Loyola University Chicago

Department of Biology

Erik Reynolds Project Description

Chronic Effects of Lead Exposure on Atherinops affinis (Topsmelt): Influence of Salinity and Organism Age.


Lead (Pb) appears in the environment as a consequence of both natural and anthropogenic processes. Mining, smelting, coal burning, Pb acid batteries, and cement manufacturing substantially release Pb into aquatic environments. The goal of this study was to determine the influence of salinity and organism age on chronic toxicity of Pb to topsmelt (Atherinops affinis) in support of development of a species sensitivity distribution (SSD). Species sensitivity distributions assist in ecological risk assessments and establishing quality criteria for contaminants. Three chronic exposure studies were conducted for 28 days in a water flow-through testing system. Survival, standard length, dry weight, and tissue Pb concentration were measured and lethal concentrations (LCs), effective concentrations (ECs), and bioconcentration factor (BCF) were calculated. In general, increasing salinity and organism age decreased Pb toxicity. The 28-d LC50 values for larval fish at 14 and 28 ppt salinity were 15.14 and 79.84 µg/L dissolved Pb, respectively, whereas the 28-d LC50 was 167.6 µg/L dissolved Pb for juvenile fish at 28 ppt salinity. Using standard length, the EC10 values for larval fish were 16.63 and 82.30 µg/L dissolved Pb at low and high salinity, respectively. The dry weight EC25 for low and high salinity were 15.62 and 46.85 µg/L dissolved Pb, respectively. The BCF was higher (2.00) with lower salinity (0.73). This is likely due to competition between salt ions and Pb at biotic ligand binding sites as well as lowered Pb speciation rates. These results indicate the need for increased protection in more Pb sensitive lower salinity environments as well as continued government protection of Pb contaminant risk areas.                                                              

Keywords: Lead toxicity, growth effect, fish, bioaccumulation, lead speciation


I would like to first and foremost thank Dr. Tham Hoang for allowing me to work in his lab. He has been a great mentor, role model, and guide through both my undergraduate and graduate programs. From scientific conferences to late night emails he has facilitated my research and schooling in many ways. Without his guidance and suggestions, I don’t believe I would have ever enrolled in Loyola’s M.S in Biology Program. He has provided me with the skills and knowledge I need to succeed in my field and I couldn’t have asked for a better P.I. Secondly, I would like to thank Dr. Martin Berg for not only assisting in my thesis work but also being great mentor and professor to me. Lastly, Dr. Rodney Dale been a great committee member whose suggestions helped me plan and execute my thesis research studies. This research was made possible by Dr. Jasim Chowdry at the International Lead Zinc Research Organization. Thank you Dr. Chowdry for the funding. I would also like to thank the Biology graduate school for all the assistance and support.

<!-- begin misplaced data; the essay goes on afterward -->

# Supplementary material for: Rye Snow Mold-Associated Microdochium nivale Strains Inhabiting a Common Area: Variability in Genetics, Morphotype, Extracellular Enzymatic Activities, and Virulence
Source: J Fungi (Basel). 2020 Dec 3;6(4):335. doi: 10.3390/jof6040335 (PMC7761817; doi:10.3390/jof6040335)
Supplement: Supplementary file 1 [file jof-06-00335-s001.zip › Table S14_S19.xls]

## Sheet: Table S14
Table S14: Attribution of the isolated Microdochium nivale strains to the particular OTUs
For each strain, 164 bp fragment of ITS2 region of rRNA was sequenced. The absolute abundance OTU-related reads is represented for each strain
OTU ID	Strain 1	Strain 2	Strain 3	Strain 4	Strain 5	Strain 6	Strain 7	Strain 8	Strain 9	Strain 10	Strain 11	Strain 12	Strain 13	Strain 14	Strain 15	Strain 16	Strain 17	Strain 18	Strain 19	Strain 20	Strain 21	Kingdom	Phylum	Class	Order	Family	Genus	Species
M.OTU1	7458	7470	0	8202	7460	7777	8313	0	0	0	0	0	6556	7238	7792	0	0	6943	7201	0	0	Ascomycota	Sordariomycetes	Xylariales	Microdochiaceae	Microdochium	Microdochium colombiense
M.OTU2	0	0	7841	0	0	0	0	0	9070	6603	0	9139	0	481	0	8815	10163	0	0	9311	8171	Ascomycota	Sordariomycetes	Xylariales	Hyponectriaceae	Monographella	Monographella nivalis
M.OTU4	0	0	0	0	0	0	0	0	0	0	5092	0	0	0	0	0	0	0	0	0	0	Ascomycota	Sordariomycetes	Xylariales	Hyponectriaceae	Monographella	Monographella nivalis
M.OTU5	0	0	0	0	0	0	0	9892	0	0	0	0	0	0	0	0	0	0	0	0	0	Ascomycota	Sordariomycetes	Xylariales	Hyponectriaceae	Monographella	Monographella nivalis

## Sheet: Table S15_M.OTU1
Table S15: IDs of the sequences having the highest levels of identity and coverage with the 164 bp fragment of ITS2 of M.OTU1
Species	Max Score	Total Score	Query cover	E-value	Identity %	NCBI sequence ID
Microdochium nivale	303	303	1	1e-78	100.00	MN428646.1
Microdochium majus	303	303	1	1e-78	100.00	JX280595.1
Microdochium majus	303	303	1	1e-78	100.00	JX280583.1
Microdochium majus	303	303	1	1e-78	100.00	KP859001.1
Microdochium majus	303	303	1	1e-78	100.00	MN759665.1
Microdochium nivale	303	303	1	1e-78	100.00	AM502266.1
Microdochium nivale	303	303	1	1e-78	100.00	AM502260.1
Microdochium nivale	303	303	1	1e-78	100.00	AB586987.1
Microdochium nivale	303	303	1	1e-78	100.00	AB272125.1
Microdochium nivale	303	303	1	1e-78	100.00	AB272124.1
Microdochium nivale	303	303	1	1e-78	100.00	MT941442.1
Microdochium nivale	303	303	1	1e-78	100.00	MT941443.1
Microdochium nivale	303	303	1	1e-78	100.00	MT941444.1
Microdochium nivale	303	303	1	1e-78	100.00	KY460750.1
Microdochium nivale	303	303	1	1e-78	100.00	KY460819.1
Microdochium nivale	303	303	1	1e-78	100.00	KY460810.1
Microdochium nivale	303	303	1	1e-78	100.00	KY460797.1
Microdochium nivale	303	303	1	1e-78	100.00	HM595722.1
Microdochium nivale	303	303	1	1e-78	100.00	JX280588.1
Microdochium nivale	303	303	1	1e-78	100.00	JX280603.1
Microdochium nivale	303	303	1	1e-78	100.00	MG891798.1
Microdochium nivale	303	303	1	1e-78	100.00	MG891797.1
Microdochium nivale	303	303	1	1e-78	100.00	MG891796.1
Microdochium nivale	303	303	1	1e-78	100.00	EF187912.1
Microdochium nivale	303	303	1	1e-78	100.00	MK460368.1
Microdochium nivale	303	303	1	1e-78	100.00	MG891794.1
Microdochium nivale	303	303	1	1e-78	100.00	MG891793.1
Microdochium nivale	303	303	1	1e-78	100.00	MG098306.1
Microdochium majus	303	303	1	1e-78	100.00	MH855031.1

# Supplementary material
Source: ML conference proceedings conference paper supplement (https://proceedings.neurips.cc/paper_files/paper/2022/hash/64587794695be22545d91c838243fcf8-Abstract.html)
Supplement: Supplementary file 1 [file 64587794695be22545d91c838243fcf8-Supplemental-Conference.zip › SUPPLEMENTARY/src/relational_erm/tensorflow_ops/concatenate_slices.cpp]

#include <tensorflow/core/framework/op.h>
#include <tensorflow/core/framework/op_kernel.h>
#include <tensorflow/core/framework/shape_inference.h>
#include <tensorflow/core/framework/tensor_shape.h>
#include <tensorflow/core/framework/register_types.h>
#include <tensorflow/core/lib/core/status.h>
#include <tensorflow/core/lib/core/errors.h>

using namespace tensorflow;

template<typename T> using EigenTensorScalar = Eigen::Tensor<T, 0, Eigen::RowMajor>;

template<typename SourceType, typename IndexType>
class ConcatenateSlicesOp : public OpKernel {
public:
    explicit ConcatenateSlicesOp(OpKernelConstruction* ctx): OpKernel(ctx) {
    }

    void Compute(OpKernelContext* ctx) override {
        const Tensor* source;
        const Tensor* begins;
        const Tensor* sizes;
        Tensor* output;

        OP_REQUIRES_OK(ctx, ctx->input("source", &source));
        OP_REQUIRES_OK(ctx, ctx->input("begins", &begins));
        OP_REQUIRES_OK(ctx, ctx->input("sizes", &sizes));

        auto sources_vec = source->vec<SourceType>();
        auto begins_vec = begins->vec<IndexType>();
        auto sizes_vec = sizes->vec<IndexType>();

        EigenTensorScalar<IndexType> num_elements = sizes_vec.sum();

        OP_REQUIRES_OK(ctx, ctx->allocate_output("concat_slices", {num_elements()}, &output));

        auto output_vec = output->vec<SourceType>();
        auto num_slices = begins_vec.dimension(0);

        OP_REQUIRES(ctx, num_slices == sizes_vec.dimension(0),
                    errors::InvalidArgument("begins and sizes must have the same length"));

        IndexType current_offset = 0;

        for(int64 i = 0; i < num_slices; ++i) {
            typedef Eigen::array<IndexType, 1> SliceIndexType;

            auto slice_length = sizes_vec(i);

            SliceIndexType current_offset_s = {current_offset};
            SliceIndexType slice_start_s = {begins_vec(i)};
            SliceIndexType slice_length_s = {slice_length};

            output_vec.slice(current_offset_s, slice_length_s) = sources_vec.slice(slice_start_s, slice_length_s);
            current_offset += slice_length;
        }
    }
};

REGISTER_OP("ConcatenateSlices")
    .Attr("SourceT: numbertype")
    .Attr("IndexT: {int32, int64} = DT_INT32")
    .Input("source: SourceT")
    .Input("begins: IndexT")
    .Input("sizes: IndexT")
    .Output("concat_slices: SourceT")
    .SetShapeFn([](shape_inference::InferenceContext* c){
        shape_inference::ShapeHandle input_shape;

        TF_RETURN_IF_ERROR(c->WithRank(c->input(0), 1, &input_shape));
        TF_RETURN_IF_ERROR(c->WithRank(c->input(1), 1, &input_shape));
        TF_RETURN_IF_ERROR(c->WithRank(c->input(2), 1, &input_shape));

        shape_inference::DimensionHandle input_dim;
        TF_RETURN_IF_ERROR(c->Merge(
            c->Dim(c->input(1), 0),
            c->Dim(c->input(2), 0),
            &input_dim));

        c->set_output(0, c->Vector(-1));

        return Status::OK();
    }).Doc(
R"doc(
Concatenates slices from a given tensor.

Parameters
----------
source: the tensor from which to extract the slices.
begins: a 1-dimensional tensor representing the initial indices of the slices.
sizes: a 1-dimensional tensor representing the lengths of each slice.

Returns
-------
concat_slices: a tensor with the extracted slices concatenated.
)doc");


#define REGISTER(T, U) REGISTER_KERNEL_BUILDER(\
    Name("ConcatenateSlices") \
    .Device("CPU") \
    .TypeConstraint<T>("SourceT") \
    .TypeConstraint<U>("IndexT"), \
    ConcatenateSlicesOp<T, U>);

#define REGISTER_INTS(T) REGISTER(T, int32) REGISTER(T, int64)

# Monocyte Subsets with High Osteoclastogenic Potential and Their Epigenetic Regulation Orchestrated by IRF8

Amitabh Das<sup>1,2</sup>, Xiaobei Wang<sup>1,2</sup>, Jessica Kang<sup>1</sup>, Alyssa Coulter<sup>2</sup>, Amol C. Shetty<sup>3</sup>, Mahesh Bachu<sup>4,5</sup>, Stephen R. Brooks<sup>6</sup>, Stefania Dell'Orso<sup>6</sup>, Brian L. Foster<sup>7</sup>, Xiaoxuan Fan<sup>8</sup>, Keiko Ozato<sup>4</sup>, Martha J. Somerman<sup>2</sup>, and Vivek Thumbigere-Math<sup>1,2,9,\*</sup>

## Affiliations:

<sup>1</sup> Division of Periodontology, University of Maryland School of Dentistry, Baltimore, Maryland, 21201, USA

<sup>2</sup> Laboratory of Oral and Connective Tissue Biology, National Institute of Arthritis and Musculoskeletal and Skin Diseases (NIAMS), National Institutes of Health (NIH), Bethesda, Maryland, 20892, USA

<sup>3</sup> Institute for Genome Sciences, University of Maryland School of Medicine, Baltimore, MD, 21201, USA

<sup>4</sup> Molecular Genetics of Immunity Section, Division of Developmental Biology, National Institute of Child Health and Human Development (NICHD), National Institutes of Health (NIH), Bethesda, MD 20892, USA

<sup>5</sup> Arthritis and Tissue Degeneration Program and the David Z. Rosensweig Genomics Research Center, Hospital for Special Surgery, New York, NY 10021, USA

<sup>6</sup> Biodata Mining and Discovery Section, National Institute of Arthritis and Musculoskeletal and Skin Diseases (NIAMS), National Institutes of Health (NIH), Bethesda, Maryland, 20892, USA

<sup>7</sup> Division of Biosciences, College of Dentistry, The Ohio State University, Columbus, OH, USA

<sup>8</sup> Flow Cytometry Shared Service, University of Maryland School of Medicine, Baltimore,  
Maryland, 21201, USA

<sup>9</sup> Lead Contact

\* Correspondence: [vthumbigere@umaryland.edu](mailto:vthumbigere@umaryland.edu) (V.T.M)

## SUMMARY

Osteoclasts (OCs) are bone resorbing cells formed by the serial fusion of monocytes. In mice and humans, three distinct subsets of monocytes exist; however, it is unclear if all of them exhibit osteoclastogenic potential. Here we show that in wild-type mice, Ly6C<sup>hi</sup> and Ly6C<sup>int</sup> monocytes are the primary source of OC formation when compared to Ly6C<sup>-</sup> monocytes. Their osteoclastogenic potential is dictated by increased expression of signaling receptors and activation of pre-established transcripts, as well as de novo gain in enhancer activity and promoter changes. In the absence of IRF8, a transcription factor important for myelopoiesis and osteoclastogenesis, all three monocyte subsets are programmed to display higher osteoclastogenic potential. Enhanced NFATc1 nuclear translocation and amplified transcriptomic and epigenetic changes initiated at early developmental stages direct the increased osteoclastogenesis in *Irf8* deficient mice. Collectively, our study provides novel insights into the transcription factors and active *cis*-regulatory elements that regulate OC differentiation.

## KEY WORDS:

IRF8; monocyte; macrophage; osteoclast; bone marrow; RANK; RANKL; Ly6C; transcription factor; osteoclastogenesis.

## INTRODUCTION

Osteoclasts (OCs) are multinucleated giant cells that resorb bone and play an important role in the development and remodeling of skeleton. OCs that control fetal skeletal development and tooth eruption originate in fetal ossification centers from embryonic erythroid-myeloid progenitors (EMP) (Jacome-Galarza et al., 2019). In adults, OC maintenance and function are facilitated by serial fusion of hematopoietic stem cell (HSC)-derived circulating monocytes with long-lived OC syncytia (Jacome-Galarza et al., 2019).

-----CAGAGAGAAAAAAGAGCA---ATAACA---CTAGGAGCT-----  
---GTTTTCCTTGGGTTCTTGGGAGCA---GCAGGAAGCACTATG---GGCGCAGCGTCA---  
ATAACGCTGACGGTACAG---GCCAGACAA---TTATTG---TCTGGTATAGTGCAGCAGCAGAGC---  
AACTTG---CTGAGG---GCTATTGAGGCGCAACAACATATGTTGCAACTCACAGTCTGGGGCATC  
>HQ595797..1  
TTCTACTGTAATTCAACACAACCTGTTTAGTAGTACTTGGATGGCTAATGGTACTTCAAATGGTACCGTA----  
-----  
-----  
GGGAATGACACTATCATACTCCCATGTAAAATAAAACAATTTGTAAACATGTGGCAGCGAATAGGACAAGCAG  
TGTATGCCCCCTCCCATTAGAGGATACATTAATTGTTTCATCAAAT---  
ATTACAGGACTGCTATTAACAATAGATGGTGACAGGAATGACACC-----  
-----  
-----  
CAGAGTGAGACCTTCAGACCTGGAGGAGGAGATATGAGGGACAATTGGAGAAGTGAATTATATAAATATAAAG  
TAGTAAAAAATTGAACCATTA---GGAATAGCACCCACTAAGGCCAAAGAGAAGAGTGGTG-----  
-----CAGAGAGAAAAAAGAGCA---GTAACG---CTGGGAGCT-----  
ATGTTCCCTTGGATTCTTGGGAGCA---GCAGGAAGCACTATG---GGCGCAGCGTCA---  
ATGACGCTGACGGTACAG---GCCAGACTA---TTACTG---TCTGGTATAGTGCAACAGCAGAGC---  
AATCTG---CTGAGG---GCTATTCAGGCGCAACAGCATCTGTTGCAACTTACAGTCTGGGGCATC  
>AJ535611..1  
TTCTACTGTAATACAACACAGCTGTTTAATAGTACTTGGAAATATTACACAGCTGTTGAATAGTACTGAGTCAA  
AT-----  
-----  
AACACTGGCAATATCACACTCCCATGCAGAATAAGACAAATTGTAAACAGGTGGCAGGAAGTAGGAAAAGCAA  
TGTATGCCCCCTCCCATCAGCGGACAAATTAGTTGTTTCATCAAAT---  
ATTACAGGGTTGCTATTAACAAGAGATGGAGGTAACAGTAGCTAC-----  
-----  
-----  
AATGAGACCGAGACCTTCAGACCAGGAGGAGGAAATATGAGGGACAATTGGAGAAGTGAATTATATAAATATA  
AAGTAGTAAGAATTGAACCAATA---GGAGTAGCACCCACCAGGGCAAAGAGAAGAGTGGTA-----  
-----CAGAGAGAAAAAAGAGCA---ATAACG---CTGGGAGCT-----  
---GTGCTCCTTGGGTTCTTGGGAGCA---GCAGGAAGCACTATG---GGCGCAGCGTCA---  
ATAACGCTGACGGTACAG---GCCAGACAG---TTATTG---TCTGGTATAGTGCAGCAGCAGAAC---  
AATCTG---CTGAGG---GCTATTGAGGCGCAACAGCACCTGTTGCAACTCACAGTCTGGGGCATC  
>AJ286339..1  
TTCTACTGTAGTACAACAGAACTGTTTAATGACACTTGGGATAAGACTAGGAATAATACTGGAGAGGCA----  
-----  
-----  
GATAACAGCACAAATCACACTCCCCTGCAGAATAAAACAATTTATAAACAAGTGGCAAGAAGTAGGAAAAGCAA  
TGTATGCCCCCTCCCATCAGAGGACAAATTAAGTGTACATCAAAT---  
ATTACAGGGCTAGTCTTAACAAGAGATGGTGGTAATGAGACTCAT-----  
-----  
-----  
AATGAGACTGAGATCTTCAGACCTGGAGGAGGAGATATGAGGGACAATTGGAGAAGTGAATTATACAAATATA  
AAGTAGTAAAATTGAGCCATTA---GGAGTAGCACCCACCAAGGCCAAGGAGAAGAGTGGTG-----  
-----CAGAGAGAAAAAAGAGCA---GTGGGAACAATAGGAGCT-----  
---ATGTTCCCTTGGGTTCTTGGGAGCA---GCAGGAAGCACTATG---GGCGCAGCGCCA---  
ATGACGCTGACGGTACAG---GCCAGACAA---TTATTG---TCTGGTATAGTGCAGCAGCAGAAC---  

I would also like to thank my Hoang laboratory members who provided me with help throughout my research. As a team, we accomplished great research projects, challenged one another, and have fun. I would like to thank those lab mates of mine who have contributed to my work: Edgar Perez, Patrick Caniff, Claudia Mroczkowski, Ritesh Kashyap, and Ellen Cole.

Finally, I couldn’t have truly completed any of this without the encouragement, love, and support from my family. I hope I have made them proud of what I have accomplished and continue to make them proud into the distant future.


Erik’s interest in biology, toxicology, and environmental science began during his undergraduate career at Loyola University Chicago. Upon completing his B.S. in environmental science, he began pursuing a master’s in Biology. His research focus has primarily been metal toxicities to aquatic and marine species. In addition to conducting toxicity tests, he oversaw cultures of fathead minnows, Florida apple snails, and water fleas in Dr. Tham Hoang’s Lab at Loyola University Chicago.         

Erik has presented his research at the 2015 Society of Environmental Toxicology and Chemistry national meeting regarding his research chronic Pb marine exposures. He plans to pursue a position in industry upon finishing his degree. 

Committee Members

Dr. Tham Hoang

Dr. Martin Berg

Dr. Rodney Dale